“As gold and bread for Byars, like with fat and felt for Beuys, stuff is site of transformation, where vital energy, divine presence, animate stuff are openly encountered.” Glenn Peers, 2018.
Physical materials provide a path into the work of James Lee Byars. His undergraduate thesis exhibition at Detroit’s Wayne State University, from which he graduated in 1955, consisted of a large number of spherical stones set in his family’s home. It was a one-day exhibition that was said to capture “a reduction towards essence and absence, and an acute sense of the ephemeral.” (Power, 1997). In a sense, this was a foundational work, one that anticipated his entire career, which combined the characteristics of a shaman and showman.
The vocabulary used to describe the work and life (or vice versa) of Byars invariably includes terms like alchemist and magician, visionary and phenomenologist. Other descriptors include “the universal and the personal, the luxurious and the minimal, the relic and the live event, the spectacular and the invisible.” (The Museum of Modern Art, 2014).
Byars’ approach and identity would help him to defy specific classification as an artist of one type or another. Perhaps the best, most concise and least redundant way to describe Byars’ work is to recognize his orientation to perfection. Yet, as he said in an interview, “I do not think I have ever done anything that does not have some spot or something on it that can be seen with a critical look. I mean imperfection seems to be the state of affairs of my life . . . it is always easy to find things imperfect in what I do.” (In Byars, 2004). In his exacting obituary, Kevin Power suggested that Byars “sought to contain rather than retain the ephemeral, the onward drive that is, at its most grandiose level, the meaning of life . . . [that] reveals an underlying cosmology.” (Power, 1997).
The gallery’s press release for this intimate, atmospheric exhibition consists only of the following quote by Anton Mengs, an 18th century German painter whose work was a precursor to the Neoclassical movement, that Byars had selected for the 1986 catalog for his exhibition, James Lee Byars: The Philosophical Palace, at the Städtische Kunsthalle Düsseldorf. In total, it reads:
Works of the highest grade have beauty in all parts, from the essential to the superfluous, and are therefore perfectly beautiful. Beauty in itself is nothing other than the perfection of every concept, for which reason the most perfect things, invisible as well as visible, are called beautiful. This should guide us in looking at the works of the ancients: their beauty does not always consist of the same part, but lies in the fact that that part which the idea has chosen has been represented most beautifully.
This may be description enough for the artist’s entire career.
Byars had a vocabulary of colors, forms and materials that he relied on and reused. His colors were often the most intense, uncompromised red, black, white, gold and blue. His preferred Pythagorean geometric shapes—spheres, cylinders and cubes—that “symbolize perfection and the timeless metaphysical building blocks of the universe.” Perhaps these were part of the artist’s shorthand for pure beauty.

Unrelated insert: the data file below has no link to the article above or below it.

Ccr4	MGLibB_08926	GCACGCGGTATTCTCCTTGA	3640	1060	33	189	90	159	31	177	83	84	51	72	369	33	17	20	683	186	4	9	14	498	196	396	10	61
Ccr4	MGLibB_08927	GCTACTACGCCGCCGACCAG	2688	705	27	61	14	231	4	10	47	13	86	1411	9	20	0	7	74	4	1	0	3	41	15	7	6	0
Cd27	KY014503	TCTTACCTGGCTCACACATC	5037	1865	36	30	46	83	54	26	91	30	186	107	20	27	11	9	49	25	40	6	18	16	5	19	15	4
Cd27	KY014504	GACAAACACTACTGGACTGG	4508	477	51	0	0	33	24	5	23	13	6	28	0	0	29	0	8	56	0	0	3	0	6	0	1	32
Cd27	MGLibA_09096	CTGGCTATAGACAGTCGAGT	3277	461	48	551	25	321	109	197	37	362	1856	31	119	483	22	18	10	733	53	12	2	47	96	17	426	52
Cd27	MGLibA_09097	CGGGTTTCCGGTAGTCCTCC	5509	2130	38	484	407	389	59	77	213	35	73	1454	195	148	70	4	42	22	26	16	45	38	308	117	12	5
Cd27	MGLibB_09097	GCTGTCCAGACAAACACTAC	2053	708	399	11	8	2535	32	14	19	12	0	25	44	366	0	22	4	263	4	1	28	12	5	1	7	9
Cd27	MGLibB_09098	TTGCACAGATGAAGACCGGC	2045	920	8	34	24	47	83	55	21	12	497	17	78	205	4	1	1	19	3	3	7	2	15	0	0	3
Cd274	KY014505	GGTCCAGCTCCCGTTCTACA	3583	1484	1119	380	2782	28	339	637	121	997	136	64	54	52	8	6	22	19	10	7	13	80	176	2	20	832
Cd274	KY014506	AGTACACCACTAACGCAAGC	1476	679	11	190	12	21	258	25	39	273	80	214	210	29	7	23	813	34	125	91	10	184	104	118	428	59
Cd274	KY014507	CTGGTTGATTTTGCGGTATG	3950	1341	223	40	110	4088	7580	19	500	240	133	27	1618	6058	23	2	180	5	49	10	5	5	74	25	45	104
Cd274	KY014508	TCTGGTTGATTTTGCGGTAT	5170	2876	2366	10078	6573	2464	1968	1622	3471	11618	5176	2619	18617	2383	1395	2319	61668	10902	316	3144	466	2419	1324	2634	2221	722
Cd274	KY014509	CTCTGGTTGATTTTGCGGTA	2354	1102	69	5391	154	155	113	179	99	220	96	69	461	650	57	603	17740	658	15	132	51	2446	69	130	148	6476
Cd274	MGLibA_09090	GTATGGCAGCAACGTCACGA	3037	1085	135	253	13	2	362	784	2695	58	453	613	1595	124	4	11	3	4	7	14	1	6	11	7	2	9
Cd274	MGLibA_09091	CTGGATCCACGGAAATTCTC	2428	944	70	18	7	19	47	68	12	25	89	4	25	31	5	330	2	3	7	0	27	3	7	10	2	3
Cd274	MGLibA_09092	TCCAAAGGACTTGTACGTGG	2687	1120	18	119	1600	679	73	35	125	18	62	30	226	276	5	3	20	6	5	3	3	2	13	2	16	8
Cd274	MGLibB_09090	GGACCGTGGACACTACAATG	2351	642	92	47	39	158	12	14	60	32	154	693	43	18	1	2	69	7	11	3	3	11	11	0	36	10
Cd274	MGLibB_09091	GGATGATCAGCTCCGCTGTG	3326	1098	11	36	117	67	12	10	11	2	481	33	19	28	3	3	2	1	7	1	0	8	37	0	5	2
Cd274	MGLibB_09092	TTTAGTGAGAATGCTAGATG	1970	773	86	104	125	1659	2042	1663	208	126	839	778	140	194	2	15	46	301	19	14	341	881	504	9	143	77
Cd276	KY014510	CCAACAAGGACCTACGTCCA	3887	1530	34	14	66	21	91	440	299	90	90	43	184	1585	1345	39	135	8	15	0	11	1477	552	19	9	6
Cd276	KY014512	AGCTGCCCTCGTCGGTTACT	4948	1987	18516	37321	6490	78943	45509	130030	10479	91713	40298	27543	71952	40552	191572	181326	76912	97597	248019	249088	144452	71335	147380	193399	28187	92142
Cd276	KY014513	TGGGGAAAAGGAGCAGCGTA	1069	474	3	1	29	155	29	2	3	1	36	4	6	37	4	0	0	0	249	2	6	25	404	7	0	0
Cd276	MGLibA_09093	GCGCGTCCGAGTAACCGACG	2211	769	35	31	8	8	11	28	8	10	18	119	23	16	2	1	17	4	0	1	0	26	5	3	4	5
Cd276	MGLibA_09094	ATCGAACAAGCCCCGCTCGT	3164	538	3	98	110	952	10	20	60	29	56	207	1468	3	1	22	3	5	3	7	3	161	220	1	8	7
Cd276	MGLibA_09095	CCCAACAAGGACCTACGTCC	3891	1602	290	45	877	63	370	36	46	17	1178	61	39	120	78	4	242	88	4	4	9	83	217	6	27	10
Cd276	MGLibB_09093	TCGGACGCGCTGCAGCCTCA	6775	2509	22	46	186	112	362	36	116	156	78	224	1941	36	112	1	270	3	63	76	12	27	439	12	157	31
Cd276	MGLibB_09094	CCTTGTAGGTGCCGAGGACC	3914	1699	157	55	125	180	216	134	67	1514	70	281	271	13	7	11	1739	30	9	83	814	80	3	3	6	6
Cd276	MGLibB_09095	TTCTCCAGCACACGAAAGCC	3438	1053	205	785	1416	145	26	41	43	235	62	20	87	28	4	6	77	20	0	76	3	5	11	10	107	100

The exhibition is perfection with a cool, serene ambiance particulière. In the gallery’s reception is a three-part work titled, “Portrait of the Artist” (1993). Three elongated and rounded rectangles face the entry, like ancient polished, but worn, Egyptian mirrors. The two galleries—both painted in a vague blue-gray and softly lit—have a small selection of objects housed—with one exception—in exquisitely fabricated museum vitrines.
The South Gallery has “Self-Portrait” (1992), a rough-hewn stone with a near-invisible 24-karat gold sphere on its surface. On the diagonal is a companion vitrine that contains a carved Blue African granite object, “The Sphere with Stairs” (1989). On the wall is a drawing, “The Golden Sphere” (1991), executed in Byars’ loopy cursive writing on crumpled black paper. The exhibition’s sole example of a drawing, it visually connects to his extensive correspondence with others on papers that he had folded, wrinkled and wadded. Viola Michely, a German art historian, described the process of handling and “reading” Byars’ letters:
One must carefully unfold and uncrumple in order to read the writing, which mostly has the same tone as the paper, often shimmering golden through the stars on all of the corners and edges of the letters. The script pours out in strange jumps of lines, without period or comma, running on and on, never-ending, beyond the paper's ground. (Byars, 2000)
The North Gallery has one piece in four parts, “The Path of Luck” (1988). Its components—a discus, a square door, and two un-inscribed steles (an archaeological term for monument)—are precision-rendered in Blue African granite. These are simple, pure forms, each presented in an individual vitrine.
Ken Johnson, The New York Times critic, wrote in 2014 that “there’s an overdetermined, gently overbearing quality to Byars’s art . . . overridden by the sense of grandiose self-importance.” This critique was unfair. Critics cannot second-guess, let alone remake, an artist’s intent. In its simplicity, Byars’ work idealizes timelessness and simplifies eternity.
James Lee Byars At Michael Werner Gallery through the summer. The gallery is concurrently showing four works by Byars at its London location.
Byars, James Lee. James Lee Byars: Letters to Joseph Beuys = Briefe an Joseph Beuys. Ostfildern: Hatje Cantz, 2000.
Byars, James Lee, Friedhelm Mennekes, Heinrich Heil, and Wolf Günter Thiel. James Lee Byars: The White Mass. Köln: König, 2004.
Peers, Glenn, “Descending Transcendence,” Religion and the Arts, 22: Issue 5 (November 2018): 639-660.
Pepi, Mike, “I Can’t Stand to Look at the Earth,” Medium.com, December 7, 2013.
Power, Kevin. “James Lee Byars,” Third Text, 11: no. 39 (1997/2018): 108-110.